|Term of office||March 4, 1877 – March 3, 1881|
|Preceded by||Ulysses S. Grant|
|Succeeded by||James A. Garfield|
|Date of birth||October 4, 1822|
|Place of birth||Delaware, Ohio|
|Date of death||January 17, 1893|
|Place of death||Fremont, Ohio|
|Spouse||Lucy Ware Hayes|
Rutherford Birchard Hayes (October 4, 1822 – January 17, 1893) was an American politician, lawyer, military leader, and the 19th President of the United States (1877 – 1881). He became president following what has long been considered the most disputed election in American history. President Hayes was responsible for the ending of the initially well-intentioned, but highly corrupted, Reconstruction period in the Southern states. He is mainly remembered for the positive reforms he instituted in the civil service.
Hayes was born in Delaware, Ohio, on October 4, 1822. His parents were Rutherford Hayes and Sophia Birchard. Hayes was the youngest of five children. Ten weeks before Rutherford was born, his father died. Sardis Birchard, his uncle, played an important role in young Rutherford's life as a father figure and later benefactor for his college education. Rutherford and his sister Fanny were very close. It was his sister who offered Hayes the most encouragement to achieve his dreams. Fanny and Rutherford were the only two children in the family who survived through adulthood.
Hayes was home schooled at first, but eventually attended the common schools and later went to the Methodist Academy in Norwalk, Ohio. He graduated from Kenyon College in Gambier, Ohio, in August 1842 and went on to Harvard Law School and graduated in January 1845. He was admitted to the Ohio bar on May 10, 1845, and commenced practice in Lower Sandusky (now Fremont), Ohio. There was very little opportunity in the community for success and subsequently Hayes moved to Cincinnati, Ohio, in 1849 and took up the practice of law. He became the city solicitor in Cincinnati in 1857 and remained in that position until 1859.
Several years after moving to Cincinnati, Hayes married his childhood sweetheart, Lucy Ware Webb in 1852. The couple had eight children together. However, three of their sons died before reaching adulthood.
Hayes was nearly forty years old, and his wife was expecting their fourth child when the Civil War began. As a firm abolitionist, Hayes laid aside his law practice and volunteered in the Union Army. He was commissioned as a major of the 23rd Ohio Infantry on June 27, 1861. He had no previous military experience.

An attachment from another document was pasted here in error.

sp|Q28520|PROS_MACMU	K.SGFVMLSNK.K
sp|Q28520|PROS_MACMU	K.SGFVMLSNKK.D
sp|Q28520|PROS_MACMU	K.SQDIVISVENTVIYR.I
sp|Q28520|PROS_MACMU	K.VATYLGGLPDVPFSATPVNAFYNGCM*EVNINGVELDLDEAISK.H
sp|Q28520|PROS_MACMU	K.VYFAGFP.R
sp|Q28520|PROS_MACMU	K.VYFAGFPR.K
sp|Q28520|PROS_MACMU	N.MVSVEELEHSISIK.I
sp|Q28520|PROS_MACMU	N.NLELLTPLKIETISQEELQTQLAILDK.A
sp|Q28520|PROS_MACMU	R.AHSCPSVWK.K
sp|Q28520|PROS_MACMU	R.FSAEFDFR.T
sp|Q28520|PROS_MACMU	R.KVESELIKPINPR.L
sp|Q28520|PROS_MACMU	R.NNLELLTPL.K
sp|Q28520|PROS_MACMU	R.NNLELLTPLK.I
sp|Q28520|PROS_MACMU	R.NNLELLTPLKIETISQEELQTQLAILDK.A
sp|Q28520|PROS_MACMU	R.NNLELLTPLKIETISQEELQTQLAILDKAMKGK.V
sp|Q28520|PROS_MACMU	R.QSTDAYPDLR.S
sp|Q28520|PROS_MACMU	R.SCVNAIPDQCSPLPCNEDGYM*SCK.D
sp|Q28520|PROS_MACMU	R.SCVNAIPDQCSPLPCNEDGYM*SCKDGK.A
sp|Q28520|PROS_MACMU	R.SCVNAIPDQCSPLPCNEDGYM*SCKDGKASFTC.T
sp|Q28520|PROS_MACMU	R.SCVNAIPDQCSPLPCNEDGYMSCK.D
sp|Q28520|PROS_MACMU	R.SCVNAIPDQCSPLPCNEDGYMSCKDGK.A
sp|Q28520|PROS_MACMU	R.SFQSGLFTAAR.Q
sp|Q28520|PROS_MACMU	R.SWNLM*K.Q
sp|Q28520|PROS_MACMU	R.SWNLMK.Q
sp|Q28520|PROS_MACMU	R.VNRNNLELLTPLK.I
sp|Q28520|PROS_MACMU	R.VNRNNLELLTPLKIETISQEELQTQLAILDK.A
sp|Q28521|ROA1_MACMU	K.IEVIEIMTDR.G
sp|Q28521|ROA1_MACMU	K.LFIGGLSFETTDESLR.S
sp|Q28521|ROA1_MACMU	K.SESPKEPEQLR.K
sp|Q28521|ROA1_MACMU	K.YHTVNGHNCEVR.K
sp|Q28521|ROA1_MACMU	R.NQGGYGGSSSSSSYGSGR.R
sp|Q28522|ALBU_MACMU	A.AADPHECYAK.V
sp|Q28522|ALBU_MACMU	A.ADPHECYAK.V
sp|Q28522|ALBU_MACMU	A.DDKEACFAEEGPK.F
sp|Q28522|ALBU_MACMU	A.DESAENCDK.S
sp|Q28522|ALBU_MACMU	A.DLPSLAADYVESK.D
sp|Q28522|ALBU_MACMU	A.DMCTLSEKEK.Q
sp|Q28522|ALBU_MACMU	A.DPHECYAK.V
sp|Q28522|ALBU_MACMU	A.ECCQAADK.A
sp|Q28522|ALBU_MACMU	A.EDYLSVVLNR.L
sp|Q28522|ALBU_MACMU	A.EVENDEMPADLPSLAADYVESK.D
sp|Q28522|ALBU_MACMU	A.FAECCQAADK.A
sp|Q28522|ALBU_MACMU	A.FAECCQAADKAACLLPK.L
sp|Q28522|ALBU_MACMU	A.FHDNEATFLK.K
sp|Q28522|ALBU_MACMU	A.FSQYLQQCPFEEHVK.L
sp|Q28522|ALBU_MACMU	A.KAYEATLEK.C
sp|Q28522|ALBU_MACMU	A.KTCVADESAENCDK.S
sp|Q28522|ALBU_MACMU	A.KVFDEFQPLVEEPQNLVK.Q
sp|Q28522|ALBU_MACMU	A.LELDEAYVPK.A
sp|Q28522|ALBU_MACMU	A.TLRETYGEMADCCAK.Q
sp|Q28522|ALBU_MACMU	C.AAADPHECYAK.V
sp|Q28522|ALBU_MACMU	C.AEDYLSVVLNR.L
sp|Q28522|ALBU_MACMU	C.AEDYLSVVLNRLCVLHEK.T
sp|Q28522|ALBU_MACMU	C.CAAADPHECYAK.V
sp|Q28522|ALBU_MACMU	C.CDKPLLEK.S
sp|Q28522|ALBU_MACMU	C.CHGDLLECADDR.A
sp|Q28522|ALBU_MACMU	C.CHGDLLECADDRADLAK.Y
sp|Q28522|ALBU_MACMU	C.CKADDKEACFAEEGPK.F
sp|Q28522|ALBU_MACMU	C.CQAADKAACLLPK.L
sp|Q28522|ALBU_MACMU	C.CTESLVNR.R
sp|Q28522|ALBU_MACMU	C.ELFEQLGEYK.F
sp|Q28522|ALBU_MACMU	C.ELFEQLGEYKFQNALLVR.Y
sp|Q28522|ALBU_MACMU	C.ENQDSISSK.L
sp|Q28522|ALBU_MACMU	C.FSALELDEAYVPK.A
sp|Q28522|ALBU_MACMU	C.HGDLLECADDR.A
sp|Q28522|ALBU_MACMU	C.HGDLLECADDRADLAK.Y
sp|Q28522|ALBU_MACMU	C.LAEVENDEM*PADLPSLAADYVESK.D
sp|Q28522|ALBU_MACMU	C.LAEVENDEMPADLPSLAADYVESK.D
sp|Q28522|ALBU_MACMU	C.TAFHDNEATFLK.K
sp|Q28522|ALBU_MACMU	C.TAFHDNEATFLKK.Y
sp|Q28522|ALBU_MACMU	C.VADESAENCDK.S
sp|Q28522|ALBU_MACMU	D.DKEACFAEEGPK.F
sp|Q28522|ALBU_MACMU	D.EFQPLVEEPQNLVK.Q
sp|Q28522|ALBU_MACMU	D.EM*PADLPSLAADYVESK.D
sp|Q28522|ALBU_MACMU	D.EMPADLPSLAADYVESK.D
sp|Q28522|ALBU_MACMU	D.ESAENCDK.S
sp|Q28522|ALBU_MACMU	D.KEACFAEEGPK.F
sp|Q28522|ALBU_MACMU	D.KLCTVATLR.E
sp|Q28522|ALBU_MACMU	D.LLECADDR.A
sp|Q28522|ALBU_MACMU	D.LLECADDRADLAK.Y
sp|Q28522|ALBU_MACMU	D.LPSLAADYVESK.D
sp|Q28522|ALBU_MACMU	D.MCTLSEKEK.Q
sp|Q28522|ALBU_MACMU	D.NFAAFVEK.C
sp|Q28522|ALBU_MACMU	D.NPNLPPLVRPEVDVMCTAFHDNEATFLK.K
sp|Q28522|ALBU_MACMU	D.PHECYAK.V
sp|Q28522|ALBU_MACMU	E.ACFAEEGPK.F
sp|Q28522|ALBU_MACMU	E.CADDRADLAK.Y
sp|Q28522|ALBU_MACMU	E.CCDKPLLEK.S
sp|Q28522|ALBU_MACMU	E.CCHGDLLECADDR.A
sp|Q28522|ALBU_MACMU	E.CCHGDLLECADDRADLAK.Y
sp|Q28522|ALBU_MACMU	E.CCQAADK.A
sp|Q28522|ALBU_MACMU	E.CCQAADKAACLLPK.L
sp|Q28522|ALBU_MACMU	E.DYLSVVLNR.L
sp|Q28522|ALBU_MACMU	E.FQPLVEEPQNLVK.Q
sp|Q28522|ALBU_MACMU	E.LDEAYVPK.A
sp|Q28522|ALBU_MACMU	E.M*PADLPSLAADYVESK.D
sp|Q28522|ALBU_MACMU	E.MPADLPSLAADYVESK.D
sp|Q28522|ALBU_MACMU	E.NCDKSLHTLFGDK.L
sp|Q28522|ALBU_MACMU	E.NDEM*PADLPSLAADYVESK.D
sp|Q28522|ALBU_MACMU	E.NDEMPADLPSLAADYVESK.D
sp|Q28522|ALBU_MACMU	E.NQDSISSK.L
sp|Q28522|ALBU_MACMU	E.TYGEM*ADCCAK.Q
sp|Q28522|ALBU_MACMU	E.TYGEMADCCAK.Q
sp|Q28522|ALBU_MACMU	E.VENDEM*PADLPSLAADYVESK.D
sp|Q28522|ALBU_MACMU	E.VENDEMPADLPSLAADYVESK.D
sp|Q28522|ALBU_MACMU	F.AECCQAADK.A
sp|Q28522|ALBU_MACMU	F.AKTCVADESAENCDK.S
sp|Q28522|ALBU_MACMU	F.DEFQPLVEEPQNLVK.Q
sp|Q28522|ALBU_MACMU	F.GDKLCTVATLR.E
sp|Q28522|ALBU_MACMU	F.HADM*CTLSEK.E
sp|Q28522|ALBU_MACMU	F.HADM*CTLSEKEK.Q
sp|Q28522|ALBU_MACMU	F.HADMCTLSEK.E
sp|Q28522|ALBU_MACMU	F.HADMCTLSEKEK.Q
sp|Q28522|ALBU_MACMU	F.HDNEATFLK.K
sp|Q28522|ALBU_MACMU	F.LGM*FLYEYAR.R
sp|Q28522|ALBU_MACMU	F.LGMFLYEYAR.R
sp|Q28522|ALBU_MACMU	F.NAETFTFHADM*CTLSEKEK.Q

He was wounded in action five times during the war. When offered to be decommissioned due to his wounds, Hayes responded saying that he would rather die in war than do nothing further for the Union. He returned to action and was eventually promoted to the rank of brigadier general as the Civil War was drawing to its end. While still in the military, the Republican Party from Ohio made him their candidate for the United States House of Representatives. He accepted the nomination, although he refused to campaign for the seat, stating, "an officer fit for duty who at this crisis would abandon his post to electioneer…ought to be scalped."
He was elected to the House of Representatives in 1864 and served in the 39th United States Congress, but refused to take his seat until the conclusion of the war in April 1865. He won re-election for to the 40th Congress in 1866. He served in Congress from March 4, 1865, to July 20, 1867, when he resigned to accept the Republican nomination to run for governor of Ohio. Hayes was elected and served two terms as governor from 1868 to 1872. During his terms as governor he was known for his thrift and honesty. He appointed state officials on their ability rather than their political party. This was an unusual practice for the time. Under the spoils system, the popular policy throughout the United States at that time, a political leader such as a governor made appointments to public office from within one's own party. Hayes refused to run for a third term as governor. He preferred to return to Washington, D.C. and sought another term in the House of Representatives. However, he was defeated.
Hayes retired from public life in 1872 and he happily returned to private life in Spiegel Grove, Ohio. However, his retirement was short lived. The leaders of the Republican Party persuaded him to run for president of the United States in 1876. Based on his previous successes in winning two terms as governor and two terms as representative before that, he was persuaded that the next step was running for election to the White House.
Hayes became president following the tumultuous, scandal-ridden years of the Ulysses S. Grant administration. He had a reputation for honesty dating back to his Civil War years. As governor of Ohio, his scrupulous policies sometimes dismayed even his political allies. Hayes was quite famous for his ability to not offend anyone. Henry Adams, a prominent politician at the time, asserted that Hayes was "a third rate nonentity, whose only recommendation is that he is obnoxious to no one." Nevertheless, his opponent in the presidential election, Democrat Samuel J. Tilden, was the favorite to win the presidential election and, in fact, won the popular vote by only 250,000 votes with nearly 8.5 million voters turning out in that election.
The Electoral College votes were contested in four states. In order to win, the candidates had to muster 185 votes: Tilden was short by one vote with 184 votes, Hayes had 165. There were 20 votes represented by the four contested states. To make matters worse, three of these states (Florida, Louisiana, and South Carolina) were Southern states, which was still under military occupation. The fourth was Oregon, newly entered into the United States.